Among many influences that vibration stimulation may have on the human body, vibration-induced skeletal muscle contraction is the needed treatment intervention for this therapy.

Vibration-induced rapidly repeated skeletal muscle contraction promotes and regulates a series of physiological processes, improving the performance of multiple body systems.

When we are on a running vibration plate, vibration induces our skeletal muscles to contract and relax at a rapidly repeated pace, due to our skeletal muscle's natural stretch reflex response.

Skeletal muscle contraction exercises and remodels muscles themselves and their connecting tissues, like tendons, ligaments, bones, fascia and nerves, etc.

Vibration exercise intervention naturally influences our musculoskeletal system and neuromuscular systems, improving their performance and functionality.

Besides the locomotion function, skeletal muscle contraction plays an essential role in regulating or signaling a series of physiological processes, including blood circulation, lymphatic drainage, nerve function, protein metabolism, insulin sensitivity, blood pressure regulation, hormone production, stem cell differentiation, and cognitive function.

In most situations, skeletal muscle contraction is voluntary. Our brain commands when and how to contract our skeletal muscles.

Vibration-induced skeletal muscle contraction, on the contrary, is involuntary due to skeletal muscle's natural stretch reflex response.



When a skeletal muscle is passively stretched, it spontaneously contracts against the stretch. This reaction is called the stretch reflex response. It allows our body to keep balance and stability automatically, without the active command of the brain.

The rapidly repeated involuntary muscle contraction induced by vibration makes the exercise intervention drastically different. This attribute leads to the unique effectiveness of vibration therapy.

With vibration stimulation incorporated, we make our physical exercise more efficient and effective, achieving health benefits on a different magnitude.

 

Since vibration therapy influences a series of physiological activities, it addresses our disorders from multiple perspectives. Most disorders are not isolated. Vibration therapy's holistic approach is natural and fundamental. The combined effects create a synergy that further boosts the treatment's effectiveness.

Vibration therapy has been proven to be particularly effective in treating chronic soft tissue injuries, muscle atrophy, bone loss, peripheral neuropathy, and many hard-to-diagnose hard-to-treat diseases that are often related to poor microcirculation.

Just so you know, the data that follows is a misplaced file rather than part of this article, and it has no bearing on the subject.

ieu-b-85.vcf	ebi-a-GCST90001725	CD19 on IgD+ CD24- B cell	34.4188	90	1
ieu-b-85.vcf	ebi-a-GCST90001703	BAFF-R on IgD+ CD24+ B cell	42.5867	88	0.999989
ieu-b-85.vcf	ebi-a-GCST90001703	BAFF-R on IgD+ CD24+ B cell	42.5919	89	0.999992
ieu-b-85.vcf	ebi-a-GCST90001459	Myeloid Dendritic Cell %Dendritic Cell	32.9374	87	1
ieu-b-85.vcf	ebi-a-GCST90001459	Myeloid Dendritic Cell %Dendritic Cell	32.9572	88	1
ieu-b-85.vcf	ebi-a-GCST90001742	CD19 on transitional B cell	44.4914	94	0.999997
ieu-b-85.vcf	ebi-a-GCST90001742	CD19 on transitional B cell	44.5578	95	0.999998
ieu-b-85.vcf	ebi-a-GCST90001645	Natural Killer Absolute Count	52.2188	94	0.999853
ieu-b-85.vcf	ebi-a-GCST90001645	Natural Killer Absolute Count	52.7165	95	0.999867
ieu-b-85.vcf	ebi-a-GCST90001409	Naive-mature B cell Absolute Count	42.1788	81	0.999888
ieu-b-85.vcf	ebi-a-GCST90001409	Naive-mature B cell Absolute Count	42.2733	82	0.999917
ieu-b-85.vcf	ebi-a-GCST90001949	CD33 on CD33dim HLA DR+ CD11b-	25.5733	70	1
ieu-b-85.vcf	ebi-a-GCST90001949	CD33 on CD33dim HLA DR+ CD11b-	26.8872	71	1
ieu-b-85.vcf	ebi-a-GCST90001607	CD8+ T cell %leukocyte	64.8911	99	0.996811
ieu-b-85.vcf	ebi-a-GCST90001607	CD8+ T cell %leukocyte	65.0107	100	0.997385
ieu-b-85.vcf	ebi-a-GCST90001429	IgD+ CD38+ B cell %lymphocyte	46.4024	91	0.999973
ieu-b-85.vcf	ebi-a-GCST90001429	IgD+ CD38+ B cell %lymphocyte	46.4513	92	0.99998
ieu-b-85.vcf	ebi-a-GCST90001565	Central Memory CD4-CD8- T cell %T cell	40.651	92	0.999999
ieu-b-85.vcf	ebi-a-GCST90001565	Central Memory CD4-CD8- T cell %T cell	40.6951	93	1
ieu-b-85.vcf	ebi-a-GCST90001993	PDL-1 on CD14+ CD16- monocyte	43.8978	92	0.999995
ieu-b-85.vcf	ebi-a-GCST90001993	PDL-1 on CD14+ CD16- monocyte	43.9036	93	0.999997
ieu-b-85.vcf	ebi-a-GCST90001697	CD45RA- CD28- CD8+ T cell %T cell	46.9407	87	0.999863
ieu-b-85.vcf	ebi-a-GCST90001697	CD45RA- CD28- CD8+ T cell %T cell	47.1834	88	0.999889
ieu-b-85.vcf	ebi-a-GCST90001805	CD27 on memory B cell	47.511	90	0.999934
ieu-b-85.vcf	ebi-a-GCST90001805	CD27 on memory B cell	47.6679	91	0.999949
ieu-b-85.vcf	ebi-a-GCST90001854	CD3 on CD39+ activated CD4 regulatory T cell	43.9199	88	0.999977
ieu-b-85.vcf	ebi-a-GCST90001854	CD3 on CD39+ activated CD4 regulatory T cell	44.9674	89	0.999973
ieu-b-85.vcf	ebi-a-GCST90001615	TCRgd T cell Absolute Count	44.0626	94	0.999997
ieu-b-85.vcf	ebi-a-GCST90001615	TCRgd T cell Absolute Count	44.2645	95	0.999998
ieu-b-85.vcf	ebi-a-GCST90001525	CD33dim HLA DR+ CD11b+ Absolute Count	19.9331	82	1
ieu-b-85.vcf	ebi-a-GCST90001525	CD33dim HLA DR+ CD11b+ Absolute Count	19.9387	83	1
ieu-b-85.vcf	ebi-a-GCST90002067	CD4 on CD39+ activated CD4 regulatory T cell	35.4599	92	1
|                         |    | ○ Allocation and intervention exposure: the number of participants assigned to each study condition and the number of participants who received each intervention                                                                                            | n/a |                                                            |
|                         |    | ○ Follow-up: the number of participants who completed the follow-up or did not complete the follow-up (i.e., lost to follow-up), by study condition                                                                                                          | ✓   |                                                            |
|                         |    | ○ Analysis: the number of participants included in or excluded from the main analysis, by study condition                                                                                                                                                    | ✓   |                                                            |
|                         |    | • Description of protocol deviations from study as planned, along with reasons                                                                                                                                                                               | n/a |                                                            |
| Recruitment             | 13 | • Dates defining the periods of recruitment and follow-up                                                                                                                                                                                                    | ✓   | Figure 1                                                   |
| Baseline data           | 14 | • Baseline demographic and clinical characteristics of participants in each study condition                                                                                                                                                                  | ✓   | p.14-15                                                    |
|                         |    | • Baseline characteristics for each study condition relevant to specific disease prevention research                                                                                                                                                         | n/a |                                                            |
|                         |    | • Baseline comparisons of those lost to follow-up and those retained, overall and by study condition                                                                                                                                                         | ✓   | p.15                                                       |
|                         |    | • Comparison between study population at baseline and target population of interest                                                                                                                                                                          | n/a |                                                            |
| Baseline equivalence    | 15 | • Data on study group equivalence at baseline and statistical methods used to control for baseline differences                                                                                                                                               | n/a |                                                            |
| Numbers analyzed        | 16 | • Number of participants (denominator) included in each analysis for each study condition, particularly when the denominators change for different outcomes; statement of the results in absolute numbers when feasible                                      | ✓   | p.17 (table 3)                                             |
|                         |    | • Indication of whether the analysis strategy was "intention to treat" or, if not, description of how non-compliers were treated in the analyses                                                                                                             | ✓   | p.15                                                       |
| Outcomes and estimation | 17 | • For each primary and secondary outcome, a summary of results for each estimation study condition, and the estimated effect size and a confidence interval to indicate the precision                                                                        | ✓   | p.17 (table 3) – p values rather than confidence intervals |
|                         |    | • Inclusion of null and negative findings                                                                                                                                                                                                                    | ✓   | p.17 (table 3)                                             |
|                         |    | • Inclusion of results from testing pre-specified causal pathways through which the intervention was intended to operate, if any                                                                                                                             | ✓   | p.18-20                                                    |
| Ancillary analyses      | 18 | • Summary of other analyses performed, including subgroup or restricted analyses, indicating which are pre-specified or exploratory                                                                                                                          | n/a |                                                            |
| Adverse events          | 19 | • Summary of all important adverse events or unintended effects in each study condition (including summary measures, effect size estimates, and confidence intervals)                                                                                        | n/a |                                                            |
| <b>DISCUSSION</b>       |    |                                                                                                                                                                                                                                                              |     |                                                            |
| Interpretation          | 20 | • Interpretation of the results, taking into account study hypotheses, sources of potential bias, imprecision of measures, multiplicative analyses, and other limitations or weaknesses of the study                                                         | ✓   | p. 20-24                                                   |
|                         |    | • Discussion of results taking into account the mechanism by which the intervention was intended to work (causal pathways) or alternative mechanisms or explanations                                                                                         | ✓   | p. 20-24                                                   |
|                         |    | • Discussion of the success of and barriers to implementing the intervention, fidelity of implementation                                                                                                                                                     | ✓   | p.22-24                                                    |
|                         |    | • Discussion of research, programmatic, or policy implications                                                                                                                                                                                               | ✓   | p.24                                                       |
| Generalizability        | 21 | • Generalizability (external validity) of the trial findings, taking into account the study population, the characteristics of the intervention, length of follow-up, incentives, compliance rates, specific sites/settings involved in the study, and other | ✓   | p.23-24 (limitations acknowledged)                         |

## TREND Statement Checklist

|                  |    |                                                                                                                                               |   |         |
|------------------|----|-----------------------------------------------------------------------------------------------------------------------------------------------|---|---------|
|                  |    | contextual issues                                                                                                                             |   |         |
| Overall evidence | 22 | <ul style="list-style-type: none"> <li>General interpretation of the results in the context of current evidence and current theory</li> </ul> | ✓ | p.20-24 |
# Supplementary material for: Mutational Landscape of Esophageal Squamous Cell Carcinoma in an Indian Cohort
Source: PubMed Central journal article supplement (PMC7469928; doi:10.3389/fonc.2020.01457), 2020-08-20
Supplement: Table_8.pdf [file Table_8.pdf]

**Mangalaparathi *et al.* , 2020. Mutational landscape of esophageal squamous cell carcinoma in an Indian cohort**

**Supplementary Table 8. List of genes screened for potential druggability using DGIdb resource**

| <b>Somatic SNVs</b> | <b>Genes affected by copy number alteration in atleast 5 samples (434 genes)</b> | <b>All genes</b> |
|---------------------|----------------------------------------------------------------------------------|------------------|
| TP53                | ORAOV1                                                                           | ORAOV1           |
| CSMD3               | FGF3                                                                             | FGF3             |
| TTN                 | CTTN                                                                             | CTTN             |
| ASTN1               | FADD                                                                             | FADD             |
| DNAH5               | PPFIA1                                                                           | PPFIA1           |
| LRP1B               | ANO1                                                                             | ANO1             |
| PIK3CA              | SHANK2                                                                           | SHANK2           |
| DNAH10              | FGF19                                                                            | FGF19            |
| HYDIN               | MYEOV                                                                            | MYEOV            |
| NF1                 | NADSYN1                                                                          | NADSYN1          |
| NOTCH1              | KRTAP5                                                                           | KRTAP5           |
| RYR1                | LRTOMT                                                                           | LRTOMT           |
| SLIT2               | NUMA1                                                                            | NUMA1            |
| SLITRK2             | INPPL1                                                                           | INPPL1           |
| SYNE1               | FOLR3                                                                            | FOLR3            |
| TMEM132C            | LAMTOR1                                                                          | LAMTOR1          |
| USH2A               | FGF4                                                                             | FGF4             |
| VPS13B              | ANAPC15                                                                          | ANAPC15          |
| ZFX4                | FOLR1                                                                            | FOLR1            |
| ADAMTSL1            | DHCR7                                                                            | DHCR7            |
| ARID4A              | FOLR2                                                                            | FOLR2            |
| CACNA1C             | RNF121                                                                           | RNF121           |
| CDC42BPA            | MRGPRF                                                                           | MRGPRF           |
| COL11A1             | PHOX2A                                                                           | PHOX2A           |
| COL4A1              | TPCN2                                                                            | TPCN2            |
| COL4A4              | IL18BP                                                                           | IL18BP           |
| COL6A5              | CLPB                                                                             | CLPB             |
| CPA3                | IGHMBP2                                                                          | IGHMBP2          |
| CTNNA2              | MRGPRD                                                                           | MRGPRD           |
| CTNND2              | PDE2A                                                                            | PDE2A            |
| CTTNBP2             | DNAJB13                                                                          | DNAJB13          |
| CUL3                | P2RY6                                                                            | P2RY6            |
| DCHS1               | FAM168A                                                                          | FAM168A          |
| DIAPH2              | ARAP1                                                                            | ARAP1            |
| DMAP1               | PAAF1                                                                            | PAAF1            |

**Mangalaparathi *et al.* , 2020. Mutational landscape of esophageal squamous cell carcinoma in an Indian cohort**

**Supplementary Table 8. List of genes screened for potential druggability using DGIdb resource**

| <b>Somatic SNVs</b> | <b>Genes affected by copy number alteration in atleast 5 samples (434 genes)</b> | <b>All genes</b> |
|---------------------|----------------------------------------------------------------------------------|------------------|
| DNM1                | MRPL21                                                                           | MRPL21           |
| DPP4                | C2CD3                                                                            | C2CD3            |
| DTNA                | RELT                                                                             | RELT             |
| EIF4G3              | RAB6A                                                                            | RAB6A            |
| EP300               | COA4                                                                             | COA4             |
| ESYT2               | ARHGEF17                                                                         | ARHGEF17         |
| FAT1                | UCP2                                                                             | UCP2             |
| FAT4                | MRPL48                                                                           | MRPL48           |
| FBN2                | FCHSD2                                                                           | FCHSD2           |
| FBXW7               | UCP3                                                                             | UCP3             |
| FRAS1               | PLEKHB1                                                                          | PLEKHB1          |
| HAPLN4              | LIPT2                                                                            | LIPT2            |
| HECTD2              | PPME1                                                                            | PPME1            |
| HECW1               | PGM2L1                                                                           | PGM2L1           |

Because of its uniqueness, efficiency, and effectiveness, vibration therapy can achieve certain health benefit results that are not achievable through traditional physical therapy or mainstream medicine.

Vibration intervention brings physical therapy to a new dimension.

·         Physiological responses to whole-body vibration therapy

Whole-body vibration therapy can trigger a variety of physiological responses in the body, including increased muscle activation, improved blood circulation, and changes in hormonal and metabolic responses. These responses can contribute to the potential benefits of whole-body vibration therapy, such as increased strength, flexibility, and balance, as well as improved overall health and well-being.

·         Impact on muscle strength, flexibility, and endurance

Research has shown that whole-body vibration therapy can have positive effects on muscle strength, flexibility, and endurance. By stimulating muscle contractions, this therapy can help to build muscle mass and increase muscular strength. Additionally, whole-body vibration therapy can improve flexibility by increasing the joint range of motion and reducing muscle tension. Studies have also demonstrated that regular whole-body vibration therapy sessions can improve muscular endurance, allowing individuals to perform physical activities for longer periods.

 

1. Cardinale, M., & Wakeling, E. (2005). Whole body vibration exercise: are vibrations good for you?. British Journal of Sports Medicine, 39(9), 585-589.

 

2. Behm, D. G., & Chaouachi, A. (2011). A review of the acute effects of static and dynamic stretching on performance. European Journal of Applied Physiology, 111(11), 2633-2651.

 

3. Rittweger, J. (2010). Vibration as an exercise modality: how it may work, and what its potential might be. European Journal of Applied Physiology, 108(5), 877-904.

 

4. Rees, S. S., Murphy, A. J., & Watsford, M. L. (2008). Effects of whole body vibration on postural steadiness in an older population. Journal of Science and Medicine in Sport, 11(4), 390-397.

 

5. Rubin, C., & Turner, A. S. (2001). Mechanical signaling in bone: the role of fluid shear stress. American Journal of Physiology-Cell Physiology, 281(3), C1-C11.